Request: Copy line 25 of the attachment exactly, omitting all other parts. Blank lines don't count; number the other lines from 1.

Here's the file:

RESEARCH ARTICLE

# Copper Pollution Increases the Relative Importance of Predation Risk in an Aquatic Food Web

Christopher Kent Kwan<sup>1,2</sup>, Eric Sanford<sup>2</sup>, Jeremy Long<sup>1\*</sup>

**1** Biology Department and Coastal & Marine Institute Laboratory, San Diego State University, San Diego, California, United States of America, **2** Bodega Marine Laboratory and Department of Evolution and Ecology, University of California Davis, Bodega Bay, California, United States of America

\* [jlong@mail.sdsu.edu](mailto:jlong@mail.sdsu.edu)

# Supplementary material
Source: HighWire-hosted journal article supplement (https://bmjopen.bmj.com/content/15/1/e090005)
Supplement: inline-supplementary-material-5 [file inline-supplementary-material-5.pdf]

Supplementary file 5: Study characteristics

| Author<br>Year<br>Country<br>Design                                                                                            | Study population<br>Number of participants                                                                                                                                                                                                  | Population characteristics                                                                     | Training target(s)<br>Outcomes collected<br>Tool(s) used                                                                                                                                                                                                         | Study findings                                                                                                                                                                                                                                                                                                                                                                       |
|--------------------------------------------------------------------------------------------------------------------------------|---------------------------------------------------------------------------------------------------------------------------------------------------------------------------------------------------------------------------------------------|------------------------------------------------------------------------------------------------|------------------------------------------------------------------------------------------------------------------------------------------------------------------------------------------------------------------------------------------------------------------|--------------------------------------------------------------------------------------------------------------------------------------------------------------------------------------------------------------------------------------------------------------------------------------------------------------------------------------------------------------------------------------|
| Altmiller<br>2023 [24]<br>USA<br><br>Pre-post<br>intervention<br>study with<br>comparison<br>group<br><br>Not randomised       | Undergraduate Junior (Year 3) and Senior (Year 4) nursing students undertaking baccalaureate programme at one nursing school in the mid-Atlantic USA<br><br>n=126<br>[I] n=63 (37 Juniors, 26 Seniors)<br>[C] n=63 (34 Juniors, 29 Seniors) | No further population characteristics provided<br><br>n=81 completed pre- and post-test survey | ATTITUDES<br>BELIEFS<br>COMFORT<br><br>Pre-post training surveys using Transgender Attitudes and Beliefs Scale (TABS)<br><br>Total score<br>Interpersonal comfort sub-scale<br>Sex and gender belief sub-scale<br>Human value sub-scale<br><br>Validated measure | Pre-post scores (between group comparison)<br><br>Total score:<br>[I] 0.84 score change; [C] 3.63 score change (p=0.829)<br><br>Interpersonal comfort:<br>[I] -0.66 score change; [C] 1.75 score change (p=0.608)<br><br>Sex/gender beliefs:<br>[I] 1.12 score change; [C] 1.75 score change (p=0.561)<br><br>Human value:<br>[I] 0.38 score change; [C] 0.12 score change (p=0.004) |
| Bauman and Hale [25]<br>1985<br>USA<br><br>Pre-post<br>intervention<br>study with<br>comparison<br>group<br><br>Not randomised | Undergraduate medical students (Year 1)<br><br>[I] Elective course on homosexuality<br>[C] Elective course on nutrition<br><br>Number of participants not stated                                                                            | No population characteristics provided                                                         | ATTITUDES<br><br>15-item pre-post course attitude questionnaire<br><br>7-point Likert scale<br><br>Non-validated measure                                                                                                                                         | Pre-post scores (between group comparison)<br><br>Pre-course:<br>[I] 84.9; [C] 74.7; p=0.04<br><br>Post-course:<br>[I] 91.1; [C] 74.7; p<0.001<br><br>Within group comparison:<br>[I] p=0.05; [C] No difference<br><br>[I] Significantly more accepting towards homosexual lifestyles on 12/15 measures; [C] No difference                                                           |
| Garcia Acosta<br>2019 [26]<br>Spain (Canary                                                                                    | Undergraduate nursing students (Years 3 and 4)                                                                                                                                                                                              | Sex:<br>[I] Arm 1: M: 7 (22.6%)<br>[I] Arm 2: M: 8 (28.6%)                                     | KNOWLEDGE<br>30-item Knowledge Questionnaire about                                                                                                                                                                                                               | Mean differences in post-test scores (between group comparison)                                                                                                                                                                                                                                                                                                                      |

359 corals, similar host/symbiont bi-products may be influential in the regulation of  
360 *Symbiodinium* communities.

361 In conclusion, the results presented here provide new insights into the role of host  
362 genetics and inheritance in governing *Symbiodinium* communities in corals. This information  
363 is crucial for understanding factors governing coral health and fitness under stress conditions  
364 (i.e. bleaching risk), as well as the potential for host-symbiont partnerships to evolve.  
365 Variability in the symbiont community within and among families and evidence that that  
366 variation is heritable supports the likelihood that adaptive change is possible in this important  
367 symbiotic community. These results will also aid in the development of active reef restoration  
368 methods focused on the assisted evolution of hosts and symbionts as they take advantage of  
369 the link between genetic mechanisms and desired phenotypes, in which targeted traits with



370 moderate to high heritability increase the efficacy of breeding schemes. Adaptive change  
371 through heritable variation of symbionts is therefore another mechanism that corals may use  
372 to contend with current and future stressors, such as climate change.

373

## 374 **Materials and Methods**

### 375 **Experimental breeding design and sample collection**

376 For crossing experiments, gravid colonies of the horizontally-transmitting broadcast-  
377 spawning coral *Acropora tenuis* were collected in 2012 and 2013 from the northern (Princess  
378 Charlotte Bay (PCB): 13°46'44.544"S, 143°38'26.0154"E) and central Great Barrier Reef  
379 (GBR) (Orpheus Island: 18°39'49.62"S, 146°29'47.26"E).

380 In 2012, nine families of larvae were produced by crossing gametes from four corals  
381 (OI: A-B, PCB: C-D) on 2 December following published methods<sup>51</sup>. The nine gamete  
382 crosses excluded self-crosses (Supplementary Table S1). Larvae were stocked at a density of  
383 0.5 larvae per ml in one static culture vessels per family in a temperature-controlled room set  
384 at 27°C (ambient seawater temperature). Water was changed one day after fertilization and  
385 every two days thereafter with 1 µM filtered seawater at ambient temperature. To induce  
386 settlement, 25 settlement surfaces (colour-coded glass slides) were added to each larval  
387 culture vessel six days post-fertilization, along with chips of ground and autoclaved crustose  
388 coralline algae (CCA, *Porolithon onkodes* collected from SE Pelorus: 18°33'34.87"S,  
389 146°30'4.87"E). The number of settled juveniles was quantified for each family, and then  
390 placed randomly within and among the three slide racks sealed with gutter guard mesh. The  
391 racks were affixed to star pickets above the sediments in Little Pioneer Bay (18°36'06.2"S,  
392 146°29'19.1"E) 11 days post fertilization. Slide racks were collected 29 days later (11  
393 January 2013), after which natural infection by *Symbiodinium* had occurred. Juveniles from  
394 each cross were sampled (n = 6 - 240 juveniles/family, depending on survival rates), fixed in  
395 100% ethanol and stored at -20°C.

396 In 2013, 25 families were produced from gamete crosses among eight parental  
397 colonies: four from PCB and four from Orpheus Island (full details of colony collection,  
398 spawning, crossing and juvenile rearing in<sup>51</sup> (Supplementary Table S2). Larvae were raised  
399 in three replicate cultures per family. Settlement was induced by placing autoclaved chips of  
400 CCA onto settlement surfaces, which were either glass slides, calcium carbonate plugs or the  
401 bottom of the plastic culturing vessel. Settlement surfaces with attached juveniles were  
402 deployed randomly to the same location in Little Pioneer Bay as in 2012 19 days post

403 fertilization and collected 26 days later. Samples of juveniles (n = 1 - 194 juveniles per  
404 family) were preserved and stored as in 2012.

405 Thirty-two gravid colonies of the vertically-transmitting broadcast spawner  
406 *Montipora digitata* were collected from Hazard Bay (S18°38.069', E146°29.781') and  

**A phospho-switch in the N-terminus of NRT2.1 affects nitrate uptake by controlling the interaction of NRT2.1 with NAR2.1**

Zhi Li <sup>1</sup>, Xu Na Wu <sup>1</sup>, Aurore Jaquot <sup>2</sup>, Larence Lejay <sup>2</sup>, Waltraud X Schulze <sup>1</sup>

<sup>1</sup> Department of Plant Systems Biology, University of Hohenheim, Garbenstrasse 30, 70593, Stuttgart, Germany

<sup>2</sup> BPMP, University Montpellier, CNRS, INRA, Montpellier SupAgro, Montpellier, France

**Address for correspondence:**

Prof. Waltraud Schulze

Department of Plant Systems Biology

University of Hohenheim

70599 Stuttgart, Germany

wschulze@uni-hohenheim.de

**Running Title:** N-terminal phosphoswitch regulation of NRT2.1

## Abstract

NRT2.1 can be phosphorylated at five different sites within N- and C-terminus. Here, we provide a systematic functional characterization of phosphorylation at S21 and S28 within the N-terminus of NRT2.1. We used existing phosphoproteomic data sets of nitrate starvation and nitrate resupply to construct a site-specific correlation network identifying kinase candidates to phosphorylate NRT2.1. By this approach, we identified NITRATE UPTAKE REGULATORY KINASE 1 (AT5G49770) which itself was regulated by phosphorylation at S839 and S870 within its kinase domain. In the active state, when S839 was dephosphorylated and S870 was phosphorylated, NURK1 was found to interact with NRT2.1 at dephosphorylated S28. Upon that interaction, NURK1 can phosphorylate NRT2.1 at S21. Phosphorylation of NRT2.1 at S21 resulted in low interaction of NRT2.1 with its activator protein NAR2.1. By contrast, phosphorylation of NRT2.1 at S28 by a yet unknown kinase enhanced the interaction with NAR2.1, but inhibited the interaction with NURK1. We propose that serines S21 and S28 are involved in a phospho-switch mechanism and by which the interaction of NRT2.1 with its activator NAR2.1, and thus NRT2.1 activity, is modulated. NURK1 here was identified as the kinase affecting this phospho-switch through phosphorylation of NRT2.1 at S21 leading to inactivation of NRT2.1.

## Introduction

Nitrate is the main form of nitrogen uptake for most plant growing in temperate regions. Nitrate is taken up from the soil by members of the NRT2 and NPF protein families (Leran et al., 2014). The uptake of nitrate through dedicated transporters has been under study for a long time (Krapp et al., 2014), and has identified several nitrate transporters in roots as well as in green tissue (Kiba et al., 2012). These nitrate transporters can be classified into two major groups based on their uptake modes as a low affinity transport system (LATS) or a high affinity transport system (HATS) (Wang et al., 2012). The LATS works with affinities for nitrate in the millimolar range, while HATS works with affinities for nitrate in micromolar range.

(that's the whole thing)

369 the link between genetic mechanisms and desired phenotypes, in which targeted traits with